(2)

    It is noted that B0pqit takes values in an interval between 0 and bpqit, which represents the maximum contemplated incentive by a customer for product type p with quality level q. However, considering the deterministic value for the upper bound of this interval may not be suitable since customers do not consider the exact price for the sale of their products. Therefore, we make use of a triangular fuzzy form, defined by bpqit, to show the greatest amount possible.

    In the next section, based on the aforementioned characteristics of the network, a fuzzy mixed-integer nonlinear programming model is presented.

    3.1.Model Formulation

    The following notations are used in the formulation of the mentioned design of reverse logistics network:

    Sets

    P set of used product types

    T set of time periods

    I set of fixed customer locations

    J set of potential CICs

    H set of potential recovery locations

    L set of transportation mode

    M set of recovery facilities (RFs) outputs

    N set of capacity levels available for facilities

    Q set of used products' quality levels

    Parameters

    ocjtn cost of establishing CIC j with capacity level n in period t

    fcjt operating fixed cost for CIC j in period t

    vcpqjt variable operating cost of product p with quality level q for CIC j in period t

    wjtn capacity with level n for CIC j in period t

    hcjt inventory holding cost at CIC j in period t

    bct available budget for CICs in period t

    orhtn cost of establishing RF h with capacity level n in period t

    frht operating fixed cost for RF h in period t

    vrpqht variable operating cost of product p with quality level q for RF h in period t

    pcht penalty per unit of non-utilized capacity at RF h in period t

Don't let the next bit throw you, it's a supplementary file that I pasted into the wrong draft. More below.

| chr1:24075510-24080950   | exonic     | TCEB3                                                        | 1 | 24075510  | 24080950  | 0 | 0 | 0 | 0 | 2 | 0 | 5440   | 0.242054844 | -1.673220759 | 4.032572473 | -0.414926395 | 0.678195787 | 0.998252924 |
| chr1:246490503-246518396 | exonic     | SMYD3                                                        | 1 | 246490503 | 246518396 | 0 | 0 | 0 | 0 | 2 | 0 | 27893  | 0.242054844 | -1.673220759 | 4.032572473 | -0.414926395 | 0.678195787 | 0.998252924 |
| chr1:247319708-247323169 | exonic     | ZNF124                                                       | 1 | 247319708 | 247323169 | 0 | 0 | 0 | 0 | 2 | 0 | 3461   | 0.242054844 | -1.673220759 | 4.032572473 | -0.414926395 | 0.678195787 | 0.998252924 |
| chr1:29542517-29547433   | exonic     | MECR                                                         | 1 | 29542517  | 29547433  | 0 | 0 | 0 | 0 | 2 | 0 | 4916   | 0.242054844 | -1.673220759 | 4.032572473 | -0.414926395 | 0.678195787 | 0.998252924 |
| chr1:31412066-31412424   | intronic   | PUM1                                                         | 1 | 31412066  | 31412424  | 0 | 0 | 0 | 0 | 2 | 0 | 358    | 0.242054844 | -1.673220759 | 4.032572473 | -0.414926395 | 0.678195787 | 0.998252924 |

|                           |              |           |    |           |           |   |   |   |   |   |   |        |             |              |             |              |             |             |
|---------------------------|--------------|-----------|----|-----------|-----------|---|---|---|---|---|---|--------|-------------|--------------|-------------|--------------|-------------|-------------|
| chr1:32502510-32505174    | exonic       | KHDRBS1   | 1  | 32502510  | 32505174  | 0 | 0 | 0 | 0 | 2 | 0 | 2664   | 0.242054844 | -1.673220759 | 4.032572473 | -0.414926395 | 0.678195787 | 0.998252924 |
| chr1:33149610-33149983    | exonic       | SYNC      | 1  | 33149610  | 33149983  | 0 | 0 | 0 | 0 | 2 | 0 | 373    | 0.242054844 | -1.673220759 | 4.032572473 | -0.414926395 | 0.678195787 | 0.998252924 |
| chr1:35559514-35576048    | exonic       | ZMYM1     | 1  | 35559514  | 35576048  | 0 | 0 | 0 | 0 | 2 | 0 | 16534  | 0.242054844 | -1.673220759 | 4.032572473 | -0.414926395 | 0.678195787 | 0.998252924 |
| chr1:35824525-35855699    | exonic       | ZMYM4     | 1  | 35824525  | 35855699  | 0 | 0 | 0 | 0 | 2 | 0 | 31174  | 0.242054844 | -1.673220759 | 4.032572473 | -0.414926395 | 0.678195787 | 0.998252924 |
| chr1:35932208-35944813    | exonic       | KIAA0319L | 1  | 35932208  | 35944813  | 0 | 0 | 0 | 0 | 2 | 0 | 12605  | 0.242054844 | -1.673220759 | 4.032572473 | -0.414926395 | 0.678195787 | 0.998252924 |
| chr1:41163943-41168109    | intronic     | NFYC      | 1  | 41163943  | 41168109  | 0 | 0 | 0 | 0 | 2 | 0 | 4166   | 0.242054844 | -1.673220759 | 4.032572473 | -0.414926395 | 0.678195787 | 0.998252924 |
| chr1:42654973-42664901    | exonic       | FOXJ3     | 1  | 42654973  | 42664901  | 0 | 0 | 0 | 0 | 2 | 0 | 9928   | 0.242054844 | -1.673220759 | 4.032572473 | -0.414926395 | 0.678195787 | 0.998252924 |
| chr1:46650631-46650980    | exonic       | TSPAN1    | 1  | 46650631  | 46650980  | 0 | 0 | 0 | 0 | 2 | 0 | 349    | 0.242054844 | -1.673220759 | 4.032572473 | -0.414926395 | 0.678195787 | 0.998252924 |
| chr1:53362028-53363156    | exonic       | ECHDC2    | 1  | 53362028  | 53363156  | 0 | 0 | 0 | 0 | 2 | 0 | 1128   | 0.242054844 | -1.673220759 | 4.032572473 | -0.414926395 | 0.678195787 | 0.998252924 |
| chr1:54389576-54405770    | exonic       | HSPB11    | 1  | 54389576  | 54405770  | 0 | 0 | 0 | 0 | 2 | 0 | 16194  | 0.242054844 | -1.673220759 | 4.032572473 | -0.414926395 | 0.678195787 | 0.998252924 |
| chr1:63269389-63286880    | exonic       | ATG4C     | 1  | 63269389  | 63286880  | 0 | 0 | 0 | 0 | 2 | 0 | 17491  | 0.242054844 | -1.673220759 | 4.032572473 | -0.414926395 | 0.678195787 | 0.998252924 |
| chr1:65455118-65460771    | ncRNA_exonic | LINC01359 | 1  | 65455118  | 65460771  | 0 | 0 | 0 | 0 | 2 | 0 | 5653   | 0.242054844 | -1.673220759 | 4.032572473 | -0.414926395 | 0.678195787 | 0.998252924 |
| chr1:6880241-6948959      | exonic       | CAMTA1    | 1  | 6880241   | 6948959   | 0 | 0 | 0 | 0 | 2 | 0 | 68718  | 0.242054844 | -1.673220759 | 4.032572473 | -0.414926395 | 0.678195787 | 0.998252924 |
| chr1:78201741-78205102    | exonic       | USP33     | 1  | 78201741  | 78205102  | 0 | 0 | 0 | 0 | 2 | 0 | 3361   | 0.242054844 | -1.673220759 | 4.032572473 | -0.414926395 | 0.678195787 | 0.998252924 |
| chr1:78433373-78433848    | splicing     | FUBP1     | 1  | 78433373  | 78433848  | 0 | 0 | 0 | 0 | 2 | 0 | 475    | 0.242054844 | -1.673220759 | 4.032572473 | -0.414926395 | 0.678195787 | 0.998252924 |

carhtn capacity with level n for RF h in period t

    smht sale price of final product m generated at RF h in period t

    αmpqht generation fraction of product m from used product p with quality level q at RF h in period t

    brt available budget for RFs in period t

    d1i distance between customer location i and CIC j

    d2jh distance between CIC j and RF h

    ctlt handling cost of per unit product traveled in unit distance by transportation mode l in period t

    cplt handling cost of product p using transportation mode l in period t

    ca1ijlt flow capacity from customer location i to CIC j using transportation mode l in period t

    ca2jhlt flow capacity from CIC j to RF h using transportation mode l in period t

    rpqit quantity of used product p with quality level q in customer zone i in period t

    ucpt penalty per unit of non-collected product p in period t

    bpqit contemplated price by customer i for product p with quality level q in period t

    Decision variables

    Q1pqijlt quantity of product p with quality level q shipped from customer zone i to CIC j using transportation mode l in period t

    Q2pqjhlt quantity of product p with quality level q shipped from CIC j to RF h using transportation mode l in period t

    Bpqt offered price for used product p with quality level q in period t

    Xjtn binary variable, it takes 1 if CIC j with capacity level n is installed in period t, and 0 if otherwise

    Yhtn binary variable, it takes 1 if RF h with capacity level n is installed in period t, and 0 if otherwise

    Dependent variable

    Ipjt inventory level of used product p collected at CIC j in period t

    Upit quantity of uncollected product p from customer i in period t

    SCt remaining budget for CICs at the end of period t

    Srt remaining budget for RFs at the end of period t

    ppqit percent of customers in zone i who are willing to return their product of type p with quality level q in period t

    ϕjtn binary variable, it takes 1 if CIC j with capacity level n is installed in period t or before t, and 0 if otherwise

    ξhtn binary variable, it take 1 if RF h with capacity level n is installed in period t or before of t and 0 otherwise

    Based on the aforementioned parameters and indices, the fuzzy mixed-integer nonlinear programming (FMIN LP) model is developed. The objective function is to minimize the total costs minus potential revenues from recovering the used product. The objective function includes the following issues:

    Opening and operating cost of collection and inspection centers: